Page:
This opinion will be unpublished and
may not be cited except as provided by
Minn. Stat. § 480A.08, subd. 3 (2004).
IN COURT OF APPEALS
Ramsey County District Court
Mike Hatch, Attorney General, 1800 Bremer Tower, 445 Minnesota Street, St. Paul, MN 55101-2134; and
State Public Defender, Leslie J. Rosenberg, Assistant State Public Defender,
Considered and decided by Willis, Presiding Judge; Toussaint, Chief Judge; and Randall, Judge.
U N P U B L I S H E D O P I N I O N
Appellant was convicted for being a felon in possession of a firearm. He appeals arguing that the trial court abused its discretion in declining to instruct the jury on the defense of “fleeting control” of the gun. Appellant also argues that the prosecutor committed prejudicial conduct in closing argument in arguing to the jury that she represented the people of the state, and the jury should speak for the people by finding appellant guilty. We affirm.
While on patrol,
As Officer Tanghe talked to the driver, he noticed a strong smell of alcohol. The driver was taken from the vehicle, frisked, and a field sobriety test followed that indicated he was under the influence.
After the driver was secured in a police vehicle, the officers concentrated on appellant. Officer Vetsch approached the vehicle on appellant’s side, instructing him not to move and to keep his hands visible. Vetsch noticed the appellant’s hands were fidgety. Appellant would not make eye contact, and appeared to be nervous, fidgeting from side to side. Appellant was removed from the car. While being frisked, appellant whispered to Officer Vetsch that there was something under the seat he wished to talk about but would not do so unless he was allowed to walk away from the scene. Appellant stated he would give further details if a deal could be worked out.
After all occupants were removed from the vehicle, Officer Vetsch searched the vehicle. A loaded .22-caliber revolver was found underneath the front passenger’s seat, located all the way to the right of the seat to the rear. Appellant was arrested. As appellant was being escorted to the squad car, he made a second statement in regards to the revolver, stating that when the driver noticed the police, he reached behind or between the seats and set the gun in appellant’s lap.
The front seat passenger, Ashley Burks, testified there was no conversation between the driver and appellant when they were stopped by the police. She also testified there was no contact between the two. When the police stopped the vehicle, she remembered appellant hitting the back of her seat as if he was trying to open the door. She denied ever seeing either the driver or appellant with a gun or passing a gun. Fingerprint analysis of the gun showed only unidentifiable smudges.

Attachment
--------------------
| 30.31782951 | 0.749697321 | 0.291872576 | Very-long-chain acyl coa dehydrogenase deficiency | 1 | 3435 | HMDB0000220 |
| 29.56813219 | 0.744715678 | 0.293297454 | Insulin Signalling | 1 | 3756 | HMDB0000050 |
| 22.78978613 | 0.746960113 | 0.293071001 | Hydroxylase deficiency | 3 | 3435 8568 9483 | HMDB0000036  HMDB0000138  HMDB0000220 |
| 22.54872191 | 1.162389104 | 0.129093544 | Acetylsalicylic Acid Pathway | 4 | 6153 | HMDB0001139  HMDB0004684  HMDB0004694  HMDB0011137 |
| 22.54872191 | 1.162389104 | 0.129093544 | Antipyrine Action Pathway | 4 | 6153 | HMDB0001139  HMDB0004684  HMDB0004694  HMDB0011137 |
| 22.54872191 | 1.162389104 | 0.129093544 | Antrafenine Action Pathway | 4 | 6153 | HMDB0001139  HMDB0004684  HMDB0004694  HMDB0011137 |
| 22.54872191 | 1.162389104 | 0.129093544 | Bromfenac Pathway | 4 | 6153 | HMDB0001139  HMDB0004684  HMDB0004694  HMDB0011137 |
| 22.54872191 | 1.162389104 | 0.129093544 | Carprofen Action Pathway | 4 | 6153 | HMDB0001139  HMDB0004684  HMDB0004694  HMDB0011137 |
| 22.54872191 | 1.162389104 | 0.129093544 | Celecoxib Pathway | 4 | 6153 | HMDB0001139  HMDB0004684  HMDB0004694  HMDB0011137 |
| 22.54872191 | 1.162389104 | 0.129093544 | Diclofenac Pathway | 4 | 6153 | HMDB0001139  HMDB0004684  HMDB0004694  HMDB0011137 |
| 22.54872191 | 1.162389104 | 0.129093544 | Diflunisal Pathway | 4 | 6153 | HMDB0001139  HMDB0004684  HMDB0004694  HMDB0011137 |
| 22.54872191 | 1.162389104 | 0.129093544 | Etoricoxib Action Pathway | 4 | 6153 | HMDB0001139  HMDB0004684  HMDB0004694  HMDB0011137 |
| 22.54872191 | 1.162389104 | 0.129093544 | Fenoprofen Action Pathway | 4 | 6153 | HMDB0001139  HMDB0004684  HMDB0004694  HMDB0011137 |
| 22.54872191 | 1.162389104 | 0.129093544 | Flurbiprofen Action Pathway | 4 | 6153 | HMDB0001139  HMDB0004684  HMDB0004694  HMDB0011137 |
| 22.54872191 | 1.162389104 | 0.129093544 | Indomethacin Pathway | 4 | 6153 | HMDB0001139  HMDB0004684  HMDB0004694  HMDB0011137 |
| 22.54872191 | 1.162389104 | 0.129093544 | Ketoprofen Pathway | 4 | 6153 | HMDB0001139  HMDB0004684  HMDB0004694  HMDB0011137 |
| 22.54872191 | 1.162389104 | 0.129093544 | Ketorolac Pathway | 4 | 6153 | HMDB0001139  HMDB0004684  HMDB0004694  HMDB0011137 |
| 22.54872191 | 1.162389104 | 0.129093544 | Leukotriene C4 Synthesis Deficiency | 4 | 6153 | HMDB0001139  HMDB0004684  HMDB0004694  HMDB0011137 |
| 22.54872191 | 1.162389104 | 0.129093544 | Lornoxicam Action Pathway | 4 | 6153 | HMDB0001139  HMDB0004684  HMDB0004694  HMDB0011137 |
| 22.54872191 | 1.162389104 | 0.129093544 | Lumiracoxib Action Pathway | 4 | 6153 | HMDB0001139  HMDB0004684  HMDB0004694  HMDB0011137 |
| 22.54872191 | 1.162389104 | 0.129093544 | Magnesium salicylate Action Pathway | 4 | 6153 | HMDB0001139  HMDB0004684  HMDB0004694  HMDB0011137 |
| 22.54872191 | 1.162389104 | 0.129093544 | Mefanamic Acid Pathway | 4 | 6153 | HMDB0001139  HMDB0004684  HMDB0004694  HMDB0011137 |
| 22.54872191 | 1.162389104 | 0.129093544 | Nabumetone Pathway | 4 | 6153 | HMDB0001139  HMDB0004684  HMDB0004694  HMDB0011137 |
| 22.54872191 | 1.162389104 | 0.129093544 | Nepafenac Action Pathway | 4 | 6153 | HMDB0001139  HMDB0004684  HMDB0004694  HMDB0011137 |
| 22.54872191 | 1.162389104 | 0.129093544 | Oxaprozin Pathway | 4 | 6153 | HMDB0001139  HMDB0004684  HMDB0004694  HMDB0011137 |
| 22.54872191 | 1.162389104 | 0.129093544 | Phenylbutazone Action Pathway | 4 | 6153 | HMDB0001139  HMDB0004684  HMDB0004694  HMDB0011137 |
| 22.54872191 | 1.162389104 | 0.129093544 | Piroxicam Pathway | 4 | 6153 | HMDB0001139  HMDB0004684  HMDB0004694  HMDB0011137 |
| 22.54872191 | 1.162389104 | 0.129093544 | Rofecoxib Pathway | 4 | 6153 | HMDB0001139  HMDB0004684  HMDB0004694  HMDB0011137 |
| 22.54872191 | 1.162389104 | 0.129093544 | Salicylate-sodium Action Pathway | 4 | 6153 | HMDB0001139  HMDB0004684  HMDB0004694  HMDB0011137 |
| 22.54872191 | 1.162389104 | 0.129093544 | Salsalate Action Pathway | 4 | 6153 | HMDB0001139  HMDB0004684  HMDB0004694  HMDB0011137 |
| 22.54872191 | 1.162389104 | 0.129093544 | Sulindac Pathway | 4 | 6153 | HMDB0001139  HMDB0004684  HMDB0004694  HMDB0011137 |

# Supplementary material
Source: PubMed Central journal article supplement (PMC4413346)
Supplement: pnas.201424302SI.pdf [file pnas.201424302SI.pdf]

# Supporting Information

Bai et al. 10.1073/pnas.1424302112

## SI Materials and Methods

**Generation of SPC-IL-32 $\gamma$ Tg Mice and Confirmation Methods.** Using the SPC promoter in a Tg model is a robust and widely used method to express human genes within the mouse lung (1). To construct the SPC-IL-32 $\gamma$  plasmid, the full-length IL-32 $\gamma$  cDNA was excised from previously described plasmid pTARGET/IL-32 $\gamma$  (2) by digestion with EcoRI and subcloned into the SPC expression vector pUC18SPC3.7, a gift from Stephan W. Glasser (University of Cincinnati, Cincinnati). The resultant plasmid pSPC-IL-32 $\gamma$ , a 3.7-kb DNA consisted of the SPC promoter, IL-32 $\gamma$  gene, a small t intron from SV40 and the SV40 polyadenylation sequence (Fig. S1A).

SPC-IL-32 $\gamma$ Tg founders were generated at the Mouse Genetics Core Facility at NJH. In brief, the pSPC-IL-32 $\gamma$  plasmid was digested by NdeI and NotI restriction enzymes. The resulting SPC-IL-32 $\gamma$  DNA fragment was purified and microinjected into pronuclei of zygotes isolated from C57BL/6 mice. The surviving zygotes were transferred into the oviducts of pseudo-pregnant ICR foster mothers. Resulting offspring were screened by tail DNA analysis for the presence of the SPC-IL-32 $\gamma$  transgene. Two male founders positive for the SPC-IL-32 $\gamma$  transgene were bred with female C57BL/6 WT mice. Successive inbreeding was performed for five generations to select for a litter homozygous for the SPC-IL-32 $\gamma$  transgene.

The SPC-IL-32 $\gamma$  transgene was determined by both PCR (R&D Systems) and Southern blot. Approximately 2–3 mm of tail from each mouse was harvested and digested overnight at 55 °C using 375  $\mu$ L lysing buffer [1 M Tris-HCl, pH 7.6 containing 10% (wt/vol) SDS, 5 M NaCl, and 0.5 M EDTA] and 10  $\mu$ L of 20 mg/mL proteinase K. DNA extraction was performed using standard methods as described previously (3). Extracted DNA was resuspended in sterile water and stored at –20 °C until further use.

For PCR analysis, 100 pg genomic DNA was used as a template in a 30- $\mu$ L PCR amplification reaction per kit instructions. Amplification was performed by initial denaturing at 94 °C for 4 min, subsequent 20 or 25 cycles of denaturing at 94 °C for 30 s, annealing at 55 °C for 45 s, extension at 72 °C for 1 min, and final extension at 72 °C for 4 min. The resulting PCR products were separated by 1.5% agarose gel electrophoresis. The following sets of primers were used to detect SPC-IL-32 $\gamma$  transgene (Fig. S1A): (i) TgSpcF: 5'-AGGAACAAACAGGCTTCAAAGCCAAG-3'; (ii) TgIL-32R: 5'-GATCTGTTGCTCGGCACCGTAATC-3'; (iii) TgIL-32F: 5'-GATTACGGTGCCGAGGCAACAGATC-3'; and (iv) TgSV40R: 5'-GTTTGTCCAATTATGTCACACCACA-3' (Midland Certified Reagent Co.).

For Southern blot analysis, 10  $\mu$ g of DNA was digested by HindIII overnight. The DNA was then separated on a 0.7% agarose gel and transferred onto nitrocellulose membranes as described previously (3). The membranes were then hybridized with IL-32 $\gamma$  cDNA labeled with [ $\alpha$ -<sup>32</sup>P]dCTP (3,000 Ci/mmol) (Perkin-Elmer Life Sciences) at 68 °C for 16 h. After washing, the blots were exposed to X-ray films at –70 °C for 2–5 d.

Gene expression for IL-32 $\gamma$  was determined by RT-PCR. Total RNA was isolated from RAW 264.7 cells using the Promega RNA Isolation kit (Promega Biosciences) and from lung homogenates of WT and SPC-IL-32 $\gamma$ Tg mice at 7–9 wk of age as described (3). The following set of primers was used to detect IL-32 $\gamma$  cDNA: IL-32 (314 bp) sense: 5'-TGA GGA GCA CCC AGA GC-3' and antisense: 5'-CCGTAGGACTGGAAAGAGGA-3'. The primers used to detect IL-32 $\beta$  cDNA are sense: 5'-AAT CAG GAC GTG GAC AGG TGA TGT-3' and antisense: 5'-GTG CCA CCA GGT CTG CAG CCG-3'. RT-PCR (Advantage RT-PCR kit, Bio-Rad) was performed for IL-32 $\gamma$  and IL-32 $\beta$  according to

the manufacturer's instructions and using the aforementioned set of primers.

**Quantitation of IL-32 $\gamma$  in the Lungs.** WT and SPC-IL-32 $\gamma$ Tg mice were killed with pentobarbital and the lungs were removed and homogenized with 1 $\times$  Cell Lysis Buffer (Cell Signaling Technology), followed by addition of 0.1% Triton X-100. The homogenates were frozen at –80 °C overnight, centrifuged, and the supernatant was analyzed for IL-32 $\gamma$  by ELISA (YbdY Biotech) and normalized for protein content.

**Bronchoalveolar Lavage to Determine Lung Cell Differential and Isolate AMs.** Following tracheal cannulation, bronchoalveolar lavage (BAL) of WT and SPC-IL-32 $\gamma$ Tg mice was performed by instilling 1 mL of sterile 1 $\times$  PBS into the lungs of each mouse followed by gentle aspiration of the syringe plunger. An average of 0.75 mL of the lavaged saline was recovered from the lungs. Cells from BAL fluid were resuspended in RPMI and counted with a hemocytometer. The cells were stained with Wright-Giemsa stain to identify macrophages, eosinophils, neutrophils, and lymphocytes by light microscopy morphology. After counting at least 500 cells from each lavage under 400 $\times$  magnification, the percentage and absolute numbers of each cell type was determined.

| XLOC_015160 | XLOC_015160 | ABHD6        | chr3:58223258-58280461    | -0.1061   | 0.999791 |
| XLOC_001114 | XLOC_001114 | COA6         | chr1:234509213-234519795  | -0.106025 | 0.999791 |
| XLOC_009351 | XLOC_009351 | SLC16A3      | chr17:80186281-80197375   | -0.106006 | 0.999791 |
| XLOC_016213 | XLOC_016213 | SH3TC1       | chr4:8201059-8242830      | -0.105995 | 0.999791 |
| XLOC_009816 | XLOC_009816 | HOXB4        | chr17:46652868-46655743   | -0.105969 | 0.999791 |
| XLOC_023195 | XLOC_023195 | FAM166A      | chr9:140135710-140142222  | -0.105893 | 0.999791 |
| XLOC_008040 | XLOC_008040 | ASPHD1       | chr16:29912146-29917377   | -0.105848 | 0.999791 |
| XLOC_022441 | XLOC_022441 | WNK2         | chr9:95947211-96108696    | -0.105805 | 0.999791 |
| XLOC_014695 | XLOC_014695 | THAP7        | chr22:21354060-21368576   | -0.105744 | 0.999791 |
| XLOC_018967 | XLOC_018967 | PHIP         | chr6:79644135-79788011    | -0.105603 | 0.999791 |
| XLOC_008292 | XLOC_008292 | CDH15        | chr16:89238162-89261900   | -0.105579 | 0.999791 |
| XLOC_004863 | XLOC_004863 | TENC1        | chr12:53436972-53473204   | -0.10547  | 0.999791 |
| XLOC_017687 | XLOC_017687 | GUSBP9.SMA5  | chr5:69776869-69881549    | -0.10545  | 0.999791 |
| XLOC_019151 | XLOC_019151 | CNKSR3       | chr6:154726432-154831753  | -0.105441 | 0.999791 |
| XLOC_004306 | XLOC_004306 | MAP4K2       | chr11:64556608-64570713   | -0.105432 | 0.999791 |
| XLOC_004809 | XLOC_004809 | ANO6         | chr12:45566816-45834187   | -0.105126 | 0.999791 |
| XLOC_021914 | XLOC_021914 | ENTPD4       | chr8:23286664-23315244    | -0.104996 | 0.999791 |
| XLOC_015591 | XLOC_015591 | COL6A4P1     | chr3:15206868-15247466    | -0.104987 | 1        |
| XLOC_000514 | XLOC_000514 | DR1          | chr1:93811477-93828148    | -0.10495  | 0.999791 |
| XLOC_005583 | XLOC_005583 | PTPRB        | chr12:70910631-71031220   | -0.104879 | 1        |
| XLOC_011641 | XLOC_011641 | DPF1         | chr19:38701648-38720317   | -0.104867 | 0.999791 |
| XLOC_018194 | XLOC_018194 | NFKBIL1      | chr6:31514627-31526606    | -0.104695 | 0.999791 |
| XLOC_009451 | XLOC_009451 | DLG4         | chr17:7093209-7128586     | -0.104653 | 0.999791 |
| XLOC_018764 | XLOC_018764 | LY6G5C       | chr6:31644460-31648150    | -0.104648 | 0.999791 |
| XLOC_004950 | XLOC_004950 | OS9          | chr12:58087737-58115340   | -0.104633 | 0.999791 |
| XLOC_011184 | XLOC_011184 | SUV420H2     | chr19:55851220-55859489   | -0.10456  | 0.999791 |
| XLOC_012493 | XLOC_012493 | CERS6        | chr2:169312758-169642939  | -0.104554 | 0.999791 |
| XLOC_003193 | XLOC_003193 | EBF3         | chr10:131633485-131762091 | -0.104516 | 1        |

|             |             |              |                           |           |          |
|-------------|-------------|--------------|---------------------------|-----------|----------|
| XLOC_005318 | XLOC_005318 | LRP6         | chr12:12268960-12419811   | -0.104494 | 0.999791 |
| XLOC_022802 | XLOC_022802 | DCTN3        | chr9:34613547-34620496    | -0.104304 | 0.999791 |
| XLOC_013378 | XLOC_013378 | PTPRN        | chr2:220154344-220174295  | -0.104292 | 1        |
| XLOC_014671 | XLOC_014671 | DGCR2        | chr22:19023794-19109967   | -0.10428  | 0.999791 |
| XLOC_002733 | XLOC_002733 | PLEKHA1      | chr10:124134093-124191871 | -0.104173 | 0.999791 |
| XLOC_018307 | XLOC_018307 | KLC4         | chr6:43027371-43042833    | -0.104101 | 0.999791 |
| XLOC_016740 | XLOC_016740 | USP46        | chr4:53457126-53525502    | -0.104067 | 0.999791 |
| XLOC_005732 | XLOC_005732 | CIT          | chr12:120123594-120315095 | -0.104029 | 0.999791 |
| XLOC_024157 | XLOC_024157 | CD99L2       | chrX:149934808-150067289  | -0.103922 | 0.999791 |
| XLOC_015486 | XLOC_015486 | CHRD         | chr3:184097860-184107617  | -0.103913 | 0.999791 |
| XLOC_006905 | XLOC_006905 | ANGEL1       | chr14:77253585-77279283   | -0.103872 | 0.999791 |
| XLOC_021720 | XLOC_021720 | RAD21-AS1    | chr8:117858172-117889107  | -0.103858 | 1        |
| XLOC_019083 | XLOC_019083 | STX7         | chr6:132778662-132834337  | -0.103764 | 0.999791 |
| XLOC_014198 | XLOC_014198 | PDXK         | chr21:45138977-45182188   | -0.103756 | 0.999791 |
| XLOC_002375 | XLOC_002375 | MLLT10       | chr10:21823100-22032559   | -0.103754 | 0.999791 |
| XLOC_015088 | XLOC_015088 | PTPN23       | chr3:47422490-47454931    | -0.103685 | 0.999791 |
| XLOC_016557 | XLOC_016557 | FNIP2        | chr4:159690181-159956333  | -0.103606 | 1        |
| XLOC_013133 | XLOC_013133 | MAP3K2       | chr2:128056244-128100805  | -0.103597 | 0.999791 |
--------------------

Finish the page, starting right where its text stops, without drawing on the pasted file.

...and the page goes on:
Appellant chose not to testify at trial. During discussions regarding proposed jury instructions, both appellant and the state agreed upon the proposed jury instruction as it pertained to CRIMJIG 32.16, Felon in Possession of a Firearm-Defined. It was agreed that the words “ships or transports” would be deleted from the defined portion of the possession instruction. However, the district court denied appellant’s request to strike the word “receive” from the possession instruction.
Next, the parties discussed jury instructions regarding CRIMJIG 32.17, Felon in Possession of a Firearm-Elements. Again, appellant argued that the word “received” should not be included. In addition, appellant objected to the state’s proposed instruction of “joint and sole possession” and “constructive possession,” arguing there was no concrete evidence showing actual possession, nor was there sufficient evidence warranting a “constructive possession” instruction. The district court granted the state’s motion to leave the constructive possession language in the instruction; then the district court granted appellant’s motion to strike the “joint possession” language.
Finally, there was a detailed and involved discussion regarding appellant’s request for a jury instruction concerning “fleeting possession.” Appellant requested the jury be instructed on “fleeting possession” due to the evidence presented, specifically, statements he made to the police regarding “something under the seat.” The state argued there was not enough evidence warranting a “fleeting possession” instruction. The state said it was appellant’s duty to argue the facts to the jury and for the jury to decide the credibility of appellant.
The district court denied appellant’s request for a “fleeting possession” instruction. The district court found the testimony of Officer Vetsch, regarding appellant bending under the seat, as well as the testimony of the passenger in the front seat, inconclusive, but in favor of what appellant was arguing. However, after a further review of case law and the record as a whole, the court determined there was insufficient evidence warranting an instruction for fleeting or passing control. A jury found appellant guilty of possession with a firearm by an ineligible person. Appellant requested and was granted a 12-month durational departure and was sentenced to 32 months minimum incarceration and 16 months maximum supervised release.
This appeal followed. The issues before this court are whether the district court abused its discretion in refusing to instruct the jury on the issue of “fleeting control” possession and whether the prosecutor’s statements during closing argument constituted prejudicial misconduct.
D E C I S I O N
I. Jury instructions
An appellate court will not generally
reverse for an instruction to the jury absent an abuse of discretion. State v. Oates, 611 N.W.2d 580, 584